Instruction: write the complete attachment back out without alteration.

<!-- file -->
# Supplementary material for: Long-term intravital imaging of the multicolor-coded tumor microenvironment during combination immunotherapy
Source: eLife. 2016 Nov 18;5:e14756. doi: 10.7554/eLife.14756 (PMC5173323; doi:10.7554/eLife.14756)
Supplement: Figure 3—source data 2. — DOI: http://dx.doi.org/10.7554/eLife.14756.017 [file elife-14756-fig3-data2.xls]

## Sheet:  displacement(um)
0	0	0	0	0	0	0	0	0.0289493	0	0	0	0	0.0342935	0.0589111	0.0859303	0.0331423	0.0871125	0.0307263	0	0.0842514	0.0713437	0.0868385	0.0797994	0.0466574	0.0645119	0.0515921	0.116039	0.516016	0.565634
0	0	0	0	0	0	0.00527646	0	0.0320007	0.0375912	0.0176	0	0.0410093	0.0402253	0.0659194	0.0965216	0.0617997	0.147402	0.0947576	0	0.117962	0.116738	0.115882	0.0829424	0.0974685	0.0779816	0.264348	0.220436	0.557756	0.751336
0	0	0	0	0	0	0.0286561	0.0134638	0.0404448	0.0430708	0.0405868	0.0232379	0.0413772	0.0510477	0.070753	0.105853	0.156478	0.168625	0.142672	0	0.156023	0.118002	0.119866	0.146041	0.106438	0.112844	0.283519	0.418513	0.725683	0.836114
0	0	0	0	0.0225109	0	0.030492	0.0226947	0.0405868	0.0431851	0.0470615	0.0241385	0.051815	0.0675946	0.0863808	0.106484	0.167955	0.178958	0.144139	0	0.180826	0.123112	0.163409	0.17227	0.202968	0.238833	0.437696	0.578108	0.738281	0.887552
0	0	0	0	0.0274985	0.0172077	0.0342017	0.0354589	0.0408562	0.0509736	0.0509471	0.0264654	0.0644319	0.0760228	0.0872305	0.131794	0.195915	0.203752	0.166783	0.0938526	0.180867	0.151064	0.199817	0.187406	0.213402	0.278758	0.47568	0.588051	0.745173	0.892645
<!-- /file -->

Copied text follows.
# Supplementary material for: Long-term intravital imaging of the multicolor-coded tumor microenvironment during combination immunotherapy
Source: eLife. 2016 Nov 18;5:e14756. doi: 10.7554/eLife.14756 (PMC5173323; doi:10.7554/eLife.14756)
Supplement: Figure 3—source data 2. — DOI: http://dx.doi.org/10.7554/eLife.14756.017 [file elife-14756-fig3-data2.xls]

## Sheet:  displacement(um)
0	0	0	0	0	0	0	0	0.0289493	0	0	0	0	0.0342935	0.0589111	0.0859303	0.0331423	0.0871125	0.0307263	0	0.0842514	0.0713437	0.0868385	0.0797994	0.0466574	0.0645119	0.0515921	0.116039	0.516016	0.565634
0	0	0	0	0	0	0.00527646	0	0.0320007	0.0375912	0.0176	0	0.0410093	0.0402253	0.0659194	0.0965216	0.0617997	0.147402	0.0947576	0	0.117962	0.116738	0.115882	0.0829424	0.0974685	0.0779816	0.264348	0.220436	0.557756	0.751336
0	0	0	0	0	0	0.0286561	0.0134638	0.0404448	0.0430708	0.0405868	0.0232379	0.0413772	0.0510477	0.070753	0.105853	0.156478	0.168625	0.142672	0	0.156023	0.118002	0.119866	0.146041	0.106438	0.112844	0.283519	0.418513	0.725683	0.836114
0	0	0	0	0.0225109	0	0.030492	0.0226947	0.0405868	0.0431851	0.0470615	0.0241385	0.051815	0.0675946	0.0863808	0.106484	0.167955	0.178958	0.144139	0	0.180826	0.123112	0.163409	0.17227	0.202968	0.238833	0.437696	0.578108	0.738281	0.887552
0	0	0	0	0.0274985	0.0172077	0.0342017	0.0354589	0.0408562	0.0509736	0.0509471	0.0264654	0.0644319	0.0760228	0.0872305	0.131794	0.195915	0.203752	0.166783	0.0938526	0.180867	0.151064	0.199817	0.187406	0.213402	0.278758	0.47568	0.588051	0.745173	0.892645